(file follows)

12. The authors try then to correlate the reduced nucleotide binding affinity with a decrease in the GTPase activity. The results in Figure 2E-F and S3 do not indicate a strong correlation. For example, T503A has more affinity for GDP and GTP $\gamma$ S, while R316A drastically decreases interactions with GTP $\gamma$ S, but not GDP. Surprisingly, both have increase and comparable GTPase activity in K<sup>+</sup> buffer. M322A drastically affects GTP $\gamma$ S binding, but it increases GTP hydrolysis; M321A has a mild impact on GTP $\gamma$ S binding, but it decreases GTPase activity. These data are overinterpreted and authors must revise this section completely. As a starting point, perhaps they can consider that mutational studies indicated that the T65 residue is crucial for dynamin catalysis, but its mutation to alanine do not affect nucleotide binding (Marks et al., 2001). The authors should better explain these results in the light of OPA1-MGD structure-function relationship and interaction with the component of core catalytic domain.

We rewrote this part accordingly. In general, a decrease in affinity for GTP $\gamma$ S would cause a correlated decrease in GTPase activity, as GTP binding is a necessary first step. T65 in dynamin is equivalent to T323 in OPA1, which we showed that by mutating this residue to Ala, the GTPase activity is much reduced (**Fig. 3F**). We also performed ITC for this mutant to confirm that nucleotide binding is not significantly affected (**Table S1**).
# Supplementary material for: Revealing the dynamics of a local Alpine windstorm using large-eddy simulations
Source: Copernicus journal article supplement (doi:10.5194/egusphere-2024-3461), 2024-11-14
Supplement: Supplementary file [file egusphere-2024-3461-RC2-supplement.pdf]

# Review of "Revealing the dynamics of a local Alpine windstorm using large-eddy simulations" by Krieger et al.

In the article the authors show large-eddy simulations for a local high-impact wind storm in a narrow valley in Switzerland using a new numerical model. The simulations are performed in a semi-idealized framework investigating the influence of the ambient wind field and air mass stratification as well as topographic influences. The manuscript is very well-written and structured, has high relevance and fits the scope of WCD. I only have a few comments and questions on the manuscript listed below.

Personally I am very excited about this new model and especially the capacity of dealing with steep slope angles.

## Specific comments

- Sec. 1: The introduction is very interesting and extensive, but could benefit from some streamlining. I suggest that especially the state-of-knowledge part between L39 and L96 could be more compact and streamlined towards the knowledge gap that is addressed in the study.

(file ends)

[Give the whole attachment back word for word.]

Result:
12. The authors try then to correlate the reduced nucleotide binding affinity with a decrease in the GTPase activity. The results in Figure 2E-F and S3 do not indicate a strong correlation. For example, T503A has more affinity for GDP and GTP $\gamma$ S, while R316A drastically decreases interactions with GTP $\gamma$ S, but not GDP. Surprisingly, both have increase and comparable GTPase activity in K<sup>+</sup> buffer. M322A drastically affects GTP $\gamma$ S binding, but it increases GTP hydrolysis; M321A has a mild impact on GTP $\gamma$ S binding, but it decreases GTPase activity. These data are overinterpreted and authors must revise this section completely. As a starting point, perhaps they can consider that mutational studies indicated that the T65 residue is crucial for dynamin catalysis, but its mutation to alanine do not affect nucleotide binding (Marks et al., 2001). The authors should better explain these results in the light of OPA1-MGD structure-function relationship and interaction with the component of core catalytic domain.

We rewrote this part accordingly. In general, a decrease in affinity for GTP $\gamma$ S would cause a correlated decrease in GTPase activity, as GTP binding is a necessary first step. T65 in dynamin is equivalent to T323 in OPA1, which we showed that by mutating this residue to Ala, the GTPase activity is much reduced (**Fig. 3F**). We also performed ITC for this mutant to confirm that nucleotide binding is not significantly affected (**Table S1**).
# Supplementary material for: Revealing the dynamics of a local Alpine windstorm using large-eddy simulations
Source: Copernicus journal article supplement (doi:10.5194/egusphere-2024-3461), 2024-11-14
Supplement: Supplementary file [file egusphere-2024-3461-RC2-supplement.pdf]

# Review of "Revealing the dynamics of a local Alpine windstorm using large-eddy simulations" by Krieger et al.

In the article the authors show large-eddy simulations for a local high-impact wind storm in a narrow valley in Switzerland using a new numerical model. The simulations are performed in a semi-idealized framework investigating the influence of the ambient wind field and air mass stratification as well as topographic influences. The manuscript is very well-written and structured, has high relevance and fits the scope of WCD. I only have a few comments and questions on the manuscript listed below.

Personally I am very excited about this new model and especially the capacity of dealing with steep slope angles.

## Specific comments

- Sec. 1: The introduction is very interesting and extensive, but could benefit from some streamlining. I suggest that especially the state-of-knowledge part between L39 and L96 could be more compact and streamlined towards the knowledge gap that is addressed in the study.